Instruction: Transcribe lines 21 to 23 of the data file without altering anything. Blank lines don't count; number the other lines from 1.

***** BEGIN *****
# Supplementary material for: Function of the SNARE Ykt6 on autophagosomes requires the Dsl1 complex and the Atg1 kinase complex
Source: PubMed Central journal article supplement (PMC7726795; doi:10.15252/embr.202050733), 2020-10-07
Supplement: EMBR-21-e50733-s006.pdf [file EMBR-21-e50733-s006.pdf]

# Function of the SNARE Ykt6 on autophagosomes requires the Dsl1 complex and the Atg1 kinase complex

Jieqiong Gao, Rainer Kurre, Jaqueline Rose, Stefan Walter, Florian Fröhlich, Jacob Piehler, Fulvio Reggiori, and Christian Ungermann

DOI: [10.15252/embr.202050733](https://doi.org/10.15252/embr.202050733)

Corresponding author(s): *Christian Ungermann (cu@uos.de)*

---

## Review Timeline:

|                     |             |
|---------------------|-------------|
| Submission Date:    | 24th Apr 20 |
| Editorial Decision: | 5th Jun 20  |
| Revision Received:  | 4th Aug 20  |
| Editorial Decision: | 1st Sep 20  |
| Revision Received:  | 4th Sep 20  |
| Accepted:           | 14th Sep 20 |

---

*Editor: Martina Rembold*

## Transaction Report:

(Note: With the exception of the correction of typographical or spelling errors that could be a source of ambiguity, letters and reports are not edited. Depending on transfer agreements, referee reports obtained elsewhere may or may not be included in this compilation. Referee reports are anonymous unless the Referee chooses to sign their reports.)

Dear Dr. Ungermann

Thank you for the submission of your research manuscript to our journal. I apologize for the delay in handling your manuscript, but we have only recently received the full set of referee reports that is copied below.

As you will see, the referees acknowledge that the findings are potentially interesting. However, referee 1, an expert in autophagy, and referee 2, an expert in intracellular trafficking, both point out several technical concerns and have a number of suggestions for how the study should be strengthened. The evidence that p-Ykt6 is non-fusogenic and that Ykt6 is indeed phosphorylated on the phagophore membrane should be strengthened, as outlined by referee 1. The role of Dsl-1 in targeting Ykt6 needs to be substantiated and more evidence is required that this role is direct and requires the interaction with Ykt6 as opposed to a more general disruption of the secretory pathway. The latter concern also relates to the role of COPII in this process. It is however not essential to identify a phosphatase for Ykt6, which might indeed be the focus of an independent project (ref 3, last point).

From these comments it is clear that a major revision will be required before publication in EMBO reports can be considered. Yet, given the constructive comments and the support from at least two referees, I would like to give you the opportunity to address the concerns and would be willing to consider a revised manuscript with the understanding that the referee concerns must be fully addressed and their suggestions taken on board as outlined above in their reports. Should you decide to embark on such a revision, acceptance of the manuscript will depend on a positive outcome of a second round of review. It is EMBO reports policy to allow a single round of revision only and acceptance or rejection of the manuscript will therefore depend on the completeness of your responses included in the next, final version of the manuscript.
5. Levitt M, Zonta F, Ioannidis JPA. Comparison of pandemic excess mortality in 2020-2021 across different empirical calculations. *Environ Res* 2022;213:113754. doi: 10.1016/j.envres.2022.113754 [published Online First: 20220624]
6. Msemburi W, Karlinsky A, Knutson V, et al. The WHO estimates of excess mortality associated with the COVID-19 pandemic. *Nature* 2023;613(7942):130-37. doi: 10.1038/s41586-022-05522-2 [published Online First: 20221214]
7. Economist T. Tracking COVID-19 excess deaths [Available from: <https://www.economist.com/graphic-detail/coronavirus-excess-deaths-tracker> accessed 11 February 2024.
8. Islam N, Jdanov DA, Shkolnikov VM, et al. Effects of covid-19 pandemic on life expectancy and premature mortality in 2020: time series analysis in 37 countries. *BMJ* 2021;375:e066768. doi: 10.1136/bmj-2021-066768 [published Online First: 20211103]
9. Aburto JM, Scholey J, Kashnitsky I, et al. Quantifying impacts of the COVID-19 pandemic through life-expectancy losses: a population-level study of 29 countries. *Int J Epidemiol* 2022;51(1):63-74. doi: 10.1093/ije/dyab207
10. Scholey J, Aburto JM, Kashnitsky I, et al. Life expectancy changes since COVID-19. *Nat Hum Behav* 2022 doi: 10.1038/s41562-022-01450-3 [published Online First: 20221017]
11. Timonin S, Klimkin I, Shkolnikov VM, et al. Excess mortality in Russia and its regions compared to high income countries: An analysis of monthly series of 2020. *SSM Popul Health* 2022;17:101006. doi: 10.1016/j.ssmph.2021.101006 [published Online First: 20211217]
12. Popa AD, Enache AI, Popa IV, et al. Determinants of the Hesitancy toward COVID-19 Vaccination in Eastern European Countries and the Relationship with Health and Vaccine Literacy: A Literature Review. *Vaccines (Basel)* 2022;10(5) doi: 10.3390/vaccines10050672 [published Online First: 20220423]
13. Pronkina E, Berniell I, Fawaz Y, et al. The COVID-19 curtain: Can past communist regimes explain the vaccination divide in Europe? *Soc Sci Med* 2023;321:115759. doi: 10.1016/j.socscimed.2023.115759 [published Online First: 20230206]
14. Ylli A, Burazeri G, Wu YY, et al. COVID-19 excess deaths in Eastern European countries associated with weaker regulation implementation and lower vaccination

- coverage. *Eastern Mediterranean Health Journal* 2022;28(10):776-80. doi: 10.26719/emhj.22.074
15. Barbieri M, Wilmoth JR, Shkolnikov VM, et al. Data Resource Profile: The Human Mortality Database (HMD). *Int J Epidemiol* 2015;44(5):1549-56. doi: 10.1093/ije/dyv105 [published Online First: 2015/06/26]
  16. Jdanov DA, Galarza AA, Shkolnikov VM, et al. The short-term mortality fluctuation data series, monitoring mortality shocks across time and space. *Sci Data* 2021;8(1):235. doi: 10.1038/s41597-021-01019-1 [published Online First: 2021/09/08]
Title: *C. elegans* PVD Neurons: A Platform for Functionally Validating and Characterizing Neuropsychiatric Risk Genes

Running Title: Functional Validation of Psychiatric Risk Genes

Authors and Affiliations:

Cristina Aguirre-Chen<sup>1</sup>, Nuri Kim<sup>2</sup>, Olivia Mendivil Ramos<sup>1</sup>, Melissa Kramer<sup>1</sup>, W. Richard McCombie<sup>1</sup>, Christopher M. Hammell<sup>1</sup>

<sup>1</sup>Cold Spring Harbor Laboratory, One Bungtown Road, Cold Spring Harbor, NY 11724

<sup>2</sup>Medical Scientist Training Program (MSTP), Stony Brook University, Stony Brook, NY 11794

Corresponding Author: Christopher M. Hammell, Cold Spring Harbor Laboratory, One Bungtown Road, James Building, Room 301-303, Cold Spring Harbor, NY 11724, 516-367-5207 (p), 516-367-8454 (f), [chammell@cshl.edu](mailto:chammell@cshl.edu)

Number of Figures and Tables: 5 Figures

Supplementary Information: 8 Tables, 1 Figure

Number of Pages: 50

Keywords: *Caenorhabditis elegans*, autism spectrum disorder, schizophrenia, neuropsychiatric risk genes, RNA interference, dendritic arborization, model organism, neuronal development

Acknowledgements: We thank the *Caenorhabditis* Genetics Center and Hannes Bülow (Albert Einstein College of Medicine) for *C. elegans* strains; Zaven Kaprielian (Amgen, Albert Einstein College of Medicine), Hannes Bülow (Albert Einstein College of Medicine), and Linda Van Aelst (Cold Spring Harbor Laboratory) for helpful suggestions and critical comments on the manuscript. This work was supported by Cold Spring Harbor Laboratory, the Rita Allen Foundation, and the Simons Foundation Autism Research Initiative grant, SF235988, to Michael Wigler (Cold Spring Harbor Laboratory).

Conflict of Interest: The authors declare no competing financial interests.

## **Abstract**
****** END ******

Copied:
(Note: With the exception of the correction of typographical or spelling errors that could be a source of ambiguity, letters and reports are not edited. Depending on transfer agreements, referee reports obtained elsewhere may or may not be included in this compilation. Referee reports are anonymous unless the Referee chooses to sign their reports.)

Dear Dr. Ungermann

Thank you for the submission of your research manuscript to our journal. I apologize for the delay in handling your manuscript, but we have only recently received the full set of referee reports that is copied below.